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How Veterans With PTSD Can Cope on the Fourth of July

Independence Day celebrations can trigger symptoms for some military vets

Fireworks and audience
Katsumi Murouchi/Moment/Getty Images

Most Americans look forward to getting together to enjoy the sights and sounds of fireworks on July 4. But for veterans struggling with post-traumatic stress disorder (PTSD), the traditional holiday festivities can be far from welcome.​

“For some veterans, the sound of fireworks can remind them of the sound of gunfire,” said psychiatrist Amit Etkin, a former Stanford University professor and CEO of Alto Neuroscience, a clinical-stage biopharmaceutical company.

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For those with PTSD, sensory memories like sounds, smells or even feelings in their gut may invoke reminders of trauma and cause symptoms to arise in a particular moment. As such, some service members attempting to celebrate the country’s independence may feel extreme panic while fireworks go off because they may feel they are reliving a traumatic event.

Difficulties can go beyond the fireworks. PTSD sufferers may find that their anxiety goes up ahead of what Etkin calls an “anniversary event.” With respect to Independence Day, the anticipation of big crowds and loud celebrations can fill a veteran with dread before the holiday even arrives.​​

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“Everybody’s expecting to be around each other, and you know that it’s coming up. For somebody who’s been isolated, who has no support network, who may feel uncomfortable in crowds, it can be a really dispiriting event that leads to an exacerbation of symptoms,” Etkin said.

In response, people grappling with PTSD may further isolate themselves to avoid being placed in an environment that’s out of their control and causing trepidation.

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Struggling with PTSD

A misconception about PTSD is that it always involves flashbacks, in which a veteran believes he is back in the time or place where a trauma occurred and is reacting as if it’s happening in the present, Etkin said. In reality, it’s far more common that the memory brings about anxiety, sadness, a negative mood or a desire to avoid, versus literal flashbacks.​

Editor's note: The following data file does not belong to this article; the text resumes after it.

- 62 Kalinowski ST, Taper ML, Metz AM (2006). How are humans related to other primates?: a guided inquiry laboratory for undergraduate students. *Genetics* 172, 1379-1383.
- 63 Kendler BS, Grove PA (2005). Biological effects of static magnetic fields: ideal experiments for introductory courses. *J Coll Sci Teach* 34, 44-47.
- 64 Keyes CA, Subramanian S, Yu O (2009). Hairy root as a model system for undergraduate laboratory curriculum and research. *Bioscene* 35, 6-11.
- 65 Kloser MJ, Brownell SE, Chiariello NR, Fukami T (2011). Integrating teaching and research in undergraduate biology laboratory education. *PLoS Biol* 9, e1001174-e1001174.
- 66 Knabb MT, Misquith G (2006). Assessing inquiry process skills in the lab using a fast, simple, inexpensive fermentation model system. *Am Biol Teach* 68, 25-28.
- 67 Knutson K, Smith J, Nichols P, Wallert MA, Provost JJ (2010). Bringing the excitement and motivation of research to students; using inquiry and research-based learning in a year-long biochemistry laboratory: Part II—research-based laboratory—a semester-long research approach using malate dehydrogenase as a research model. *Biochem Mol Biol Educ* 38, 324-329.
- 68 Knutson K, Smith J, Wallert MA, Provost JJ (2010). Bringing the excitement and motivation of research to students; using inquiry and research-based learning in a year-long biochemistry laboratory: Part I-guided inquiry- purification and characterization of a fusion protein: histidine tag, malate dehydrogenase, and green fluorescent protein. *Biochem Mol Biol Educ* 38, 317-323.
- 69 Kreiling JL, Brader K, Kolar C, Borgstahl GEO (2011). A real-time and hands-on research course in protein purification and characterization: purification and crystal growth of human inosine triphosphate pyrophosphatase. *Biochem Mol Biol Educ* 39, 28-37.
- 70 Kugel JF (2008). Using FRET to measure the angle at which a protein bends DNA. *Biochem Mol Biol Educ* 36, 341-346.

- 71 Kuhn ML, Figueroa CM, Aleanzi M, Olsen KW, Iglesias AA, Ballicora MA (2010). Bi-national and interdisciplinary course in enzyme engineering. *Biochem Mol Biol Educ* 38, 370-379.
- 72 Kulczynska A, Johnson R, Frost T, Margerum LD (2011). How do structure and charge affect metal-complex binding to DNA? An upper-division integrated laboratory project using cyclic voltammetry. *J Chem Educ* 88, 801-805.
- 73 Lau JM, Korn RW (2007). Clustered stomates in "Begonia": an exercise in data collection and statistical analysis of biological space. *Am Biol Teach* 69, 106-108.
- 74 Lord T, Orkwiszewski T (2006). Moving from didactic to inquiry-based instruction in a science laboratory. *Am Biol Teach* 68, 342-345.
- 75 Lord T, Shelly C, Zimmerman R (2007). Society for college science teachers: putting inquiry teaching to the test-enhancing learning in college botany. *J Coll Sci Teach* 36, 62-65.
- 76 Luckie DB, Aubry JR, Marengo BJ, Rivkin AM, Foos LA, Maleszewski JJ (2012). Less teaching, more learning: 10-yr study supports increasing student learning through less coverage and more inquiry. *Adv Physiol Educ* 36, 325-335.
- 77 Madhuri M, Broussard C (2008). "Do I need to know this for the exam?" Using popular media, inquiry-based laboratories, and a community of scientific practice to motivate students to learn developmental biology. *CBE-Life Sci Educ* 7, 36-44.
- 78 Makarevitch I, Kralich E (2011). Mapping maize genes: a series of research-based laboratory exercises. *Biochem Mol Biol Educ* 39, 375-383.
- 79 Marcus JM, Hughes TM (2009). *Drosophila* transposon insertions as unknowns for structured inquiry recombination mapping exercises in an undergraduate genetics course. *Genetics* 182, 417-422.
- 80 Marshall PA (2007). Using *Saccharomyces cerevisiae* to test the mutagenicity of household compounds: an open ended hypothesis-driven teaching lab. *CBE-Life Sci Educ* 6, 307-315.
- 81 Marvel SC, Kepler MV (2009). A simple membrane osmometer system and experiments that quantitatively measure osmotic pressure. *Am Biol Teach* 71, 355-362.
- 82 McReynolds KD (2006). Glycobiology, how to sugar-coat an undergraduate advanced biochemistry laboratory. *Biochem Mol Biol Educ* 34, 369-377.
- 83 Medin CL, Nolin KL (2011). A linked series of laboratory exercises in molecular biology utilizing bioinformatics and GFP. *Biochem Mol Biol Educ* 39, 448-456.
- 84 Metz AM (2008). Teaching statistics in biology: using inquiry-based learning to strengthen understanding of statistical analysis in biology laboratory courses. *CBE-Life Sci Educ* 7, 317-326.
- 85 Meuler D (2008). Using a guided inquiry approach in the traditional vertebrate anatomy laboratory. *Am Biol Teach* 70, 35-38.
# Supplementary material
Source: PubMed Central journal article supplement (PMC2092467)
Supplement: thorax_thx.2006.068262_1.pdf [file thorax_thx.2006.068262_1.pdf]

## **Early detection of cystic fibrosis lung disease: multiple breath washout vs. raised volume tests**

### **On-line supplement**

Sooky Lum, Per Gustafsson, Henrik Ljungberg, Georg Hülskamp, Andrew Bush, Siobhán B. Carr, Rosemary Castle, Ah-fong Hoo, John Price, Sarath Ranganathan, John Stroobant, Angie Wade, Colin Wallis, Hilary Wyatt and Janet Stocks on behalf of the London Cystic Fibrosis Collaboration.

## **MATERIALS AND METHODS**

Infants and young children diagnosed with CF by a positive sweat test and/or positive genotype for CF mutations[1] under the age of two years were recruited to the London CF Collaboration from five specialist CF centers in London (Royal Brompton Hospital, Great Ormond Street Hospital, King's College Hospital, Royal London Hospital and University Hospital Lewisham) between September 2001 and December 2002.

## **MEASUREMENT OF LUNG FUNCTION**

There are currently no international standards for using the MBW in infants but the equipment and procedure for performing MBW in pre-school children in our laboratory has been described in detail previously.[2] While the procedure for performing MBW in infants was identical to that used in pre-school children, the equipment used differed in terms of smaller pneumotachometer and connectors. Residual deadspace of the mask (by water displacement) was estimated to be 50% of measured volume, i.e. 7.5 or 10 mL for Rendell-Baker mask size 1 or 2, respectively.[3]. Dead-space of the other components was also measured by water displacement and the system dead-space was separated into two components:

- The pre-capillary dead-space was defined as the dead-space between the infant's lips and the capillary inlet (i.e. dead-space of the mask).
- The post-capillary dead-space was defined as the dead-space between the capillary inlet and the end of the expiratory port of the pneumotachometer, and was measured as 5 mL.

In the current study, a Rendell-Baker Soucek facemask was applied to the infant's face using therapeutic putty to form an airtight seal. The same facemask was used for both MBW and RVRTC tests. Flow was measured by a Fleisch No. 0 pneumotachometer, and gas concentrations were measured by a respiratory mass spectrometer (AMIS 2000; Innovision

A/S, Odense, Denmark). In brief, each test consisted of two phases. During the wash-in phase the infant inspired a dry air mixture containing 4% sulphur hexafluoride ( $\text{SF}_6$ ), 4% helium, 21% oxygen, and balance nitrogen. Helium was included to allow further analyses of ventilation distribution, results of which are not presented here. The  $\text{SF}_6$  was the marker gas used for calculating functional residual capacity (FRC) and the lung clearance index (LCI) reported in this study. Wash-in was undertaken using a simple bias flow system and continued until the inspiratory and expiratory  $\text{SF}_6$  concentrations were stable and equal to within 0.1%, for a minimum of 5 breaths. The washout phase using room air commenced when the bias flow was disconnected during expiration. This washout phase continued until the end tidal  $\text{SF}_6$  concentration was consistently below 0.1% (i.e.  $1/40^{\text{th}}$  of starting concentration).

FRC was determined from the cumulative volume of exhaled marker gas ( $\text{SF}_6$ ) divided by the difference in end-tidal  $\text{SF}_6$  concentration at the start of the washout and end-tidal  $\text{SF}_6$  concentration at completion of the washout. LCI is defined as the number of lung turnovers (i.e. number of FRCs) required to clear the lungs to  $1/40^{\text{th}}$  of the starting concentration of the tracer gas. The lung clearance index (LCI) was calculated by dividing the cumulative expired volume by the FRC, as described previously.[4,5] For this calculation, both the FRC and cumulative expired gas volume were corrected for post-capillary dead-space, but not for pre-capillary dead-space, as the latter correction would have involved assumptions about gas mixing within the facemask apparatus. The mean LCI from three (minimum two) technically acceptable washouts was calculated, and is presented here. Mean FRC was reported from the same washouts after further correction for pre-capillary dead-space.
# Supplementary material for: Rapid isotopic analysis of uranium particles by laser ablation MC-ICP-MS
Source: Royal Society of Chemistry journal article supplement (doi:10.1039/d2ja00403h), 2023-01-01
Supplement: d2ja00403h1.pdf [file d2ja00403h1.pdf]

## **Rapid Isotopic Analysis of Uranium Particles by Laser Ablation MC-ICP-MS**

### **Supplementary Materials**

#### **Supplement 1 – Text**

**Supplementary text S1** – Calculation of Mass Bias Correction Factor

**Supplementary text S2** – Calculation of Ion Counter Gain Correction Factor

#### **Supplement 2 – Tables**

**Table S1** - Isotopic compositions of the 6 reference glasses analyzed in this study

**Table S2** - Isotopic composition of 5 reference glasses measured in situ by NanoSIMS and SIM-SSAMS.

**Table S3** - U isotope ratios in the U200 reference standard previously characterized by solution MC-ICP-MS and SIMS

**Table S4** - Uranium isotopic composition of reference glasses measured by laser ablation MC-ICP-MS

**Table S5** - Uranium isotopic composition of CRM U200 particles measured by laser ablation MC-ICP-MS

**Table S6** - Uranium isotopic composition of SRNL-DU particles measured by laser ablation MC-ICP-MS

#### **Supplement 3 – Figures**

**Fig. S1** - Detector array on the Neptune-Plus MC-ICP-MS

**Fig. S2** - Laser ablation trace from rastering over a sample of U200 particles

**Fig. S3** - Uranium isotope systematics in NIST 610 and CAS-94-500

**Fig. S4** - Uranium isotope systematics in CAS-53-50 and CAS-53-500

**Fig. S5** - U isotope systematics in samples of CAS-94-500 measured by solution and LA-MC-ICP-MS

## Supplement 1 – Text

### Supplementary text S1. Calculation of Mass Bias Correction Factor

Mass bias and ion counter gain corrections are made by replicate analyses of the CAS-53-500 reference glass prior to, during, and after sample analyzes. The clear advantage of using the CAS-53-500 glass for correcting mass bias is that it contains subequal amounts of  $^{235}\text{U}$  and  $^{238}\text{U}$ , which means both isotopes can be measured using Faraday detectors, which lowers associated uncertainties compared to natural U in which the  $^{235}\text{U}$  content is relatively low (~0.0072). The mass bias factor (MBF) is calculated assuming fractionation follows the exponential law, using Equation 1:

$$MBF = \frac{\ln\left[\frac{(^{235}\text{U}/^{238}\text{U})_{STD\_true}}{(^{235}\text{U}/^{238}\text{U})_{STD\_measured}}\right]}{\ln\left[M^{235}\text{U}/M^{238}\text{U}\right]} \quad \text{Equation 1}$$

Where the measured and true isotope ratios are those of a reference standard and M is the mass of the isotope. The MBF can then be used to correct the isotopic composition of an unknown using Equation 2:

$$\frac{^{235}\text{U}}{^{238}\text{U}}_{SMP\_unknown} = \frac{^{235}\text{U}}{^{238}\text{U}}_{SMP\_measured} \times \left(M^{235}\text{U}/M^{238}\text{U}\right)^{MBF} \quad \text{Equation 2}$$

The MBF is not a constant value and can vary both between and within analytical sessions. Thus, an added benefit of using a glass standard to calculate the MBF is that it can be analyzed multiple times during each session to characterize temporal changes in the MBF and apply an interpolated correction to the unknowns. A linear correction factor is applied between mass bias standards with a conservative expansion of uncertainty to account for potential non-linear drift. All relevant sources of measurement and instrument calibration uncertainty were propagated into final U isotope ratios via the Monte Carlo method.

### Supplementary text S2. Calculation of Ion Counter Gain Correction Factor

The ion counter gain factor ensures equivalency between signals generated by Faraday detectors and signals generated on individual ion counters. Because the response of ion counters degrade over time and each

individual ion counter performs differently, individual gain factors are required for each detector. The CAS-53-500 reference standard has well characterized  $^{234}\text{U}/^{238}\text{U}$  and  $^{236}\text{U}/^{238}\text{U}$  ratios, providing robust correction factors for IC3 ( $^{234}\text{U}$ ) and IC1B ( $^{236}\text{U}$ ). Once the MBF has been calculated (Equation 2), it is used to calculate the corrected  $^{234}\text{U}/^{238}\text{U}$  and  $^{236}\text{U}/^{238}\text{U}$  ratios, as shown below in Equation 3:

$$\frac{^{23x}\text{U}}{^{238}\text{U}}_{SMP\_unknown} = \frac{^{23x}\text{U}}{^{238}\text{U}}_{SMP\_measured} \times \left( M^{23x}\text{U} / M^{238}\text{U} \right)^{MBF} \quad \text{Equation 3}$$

PTSD isn’t the same for all veterans. That’s why it’s important for them to understand what their individual triggers are and how to deal with them in advance of any event that has the potential to induce panic. Working with a health care provider such as a therapist or psychiatrist is a critical part of the coping process, Etkin said. 

“Part of what you work on as a patient in therapy is those triggers — understanding them, taming them and learning to master the sense of anxiety that happens when you’re in those contexts,” he said.

Antidepressant medications are available to help treat PTSD symptoms, but Etkin said they don’t always work well for veterans who have chronic and severe symptoms. His company, Alto Neuroscience, is working to develop medications to better treat individuals, based on their biology, for disorders like PTSD and depression.

“In the years to come we hope to develop new treatments because it’s really been an area that has received far too little attention in terms of therapeutic development,” Etkin said.

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How to help

It’s important for loved ones and caregivers to understand that a veteran’s unique experience in situations may be quite different from their own, especially when there’s unpredictability.​

“It may not make sense to you. But in their head, in their mind, this is how they operate,” said Etkin. “Having compassion for that understanding, not forcing people into situations where they may feel uncomfortable and asking them if they feel uncomfortable — all those things are critical to bridging the gap.”​

When it comes to Independence Day fireworks, consider skipping them altogether, or at least set off fireworks at a predictable time, such as just after sunset on the Fourth of July, said Matt Kuntz, executive director of the National Alliance on Mental Illness (NAMI) Montana.​

Silent fireworks that produce little to no noise can also be sought out for smaller gatherings. They’ve also been found to benefit children with autism, survivors of gun violence, pets and even wildlife.​

Drone light shows are another option for communities that spend more than $25,000 on their fireworks shows, Kuntz said. “They have amazing light displays just like fireworks, but replace the loud explosions with music.”

​​“It’s important to realize that this isn’t an all-or-nothing scenario,” he said.

PTSD tips for staying centered​​

For many, fireworks are an inescapable reality of the Fourth of July. Whether it’s the crowds, the noise or the uncertainty of the day, psychiatrist Amit Etkin offers these recommendations that may help you cope:​​

  • Tell friends and family what triggers you. If you don’t like large groups, tell the host and mention that you may need to leave early if it gets crowded. ​
  • Employ breathing techniques. For five to 10 minutes, focus on your breath, feeling your body and the pace of your breathing. Separate breathing in and out while removing all the other stimuli around you. Ignore your own thoughts and stay with your breathing.​
  • Learn to recognize the signs it’s time to take a break from a situation before you reach the tipping point.​
  • Limit alcohol consumption to avoid a loss of control.​​
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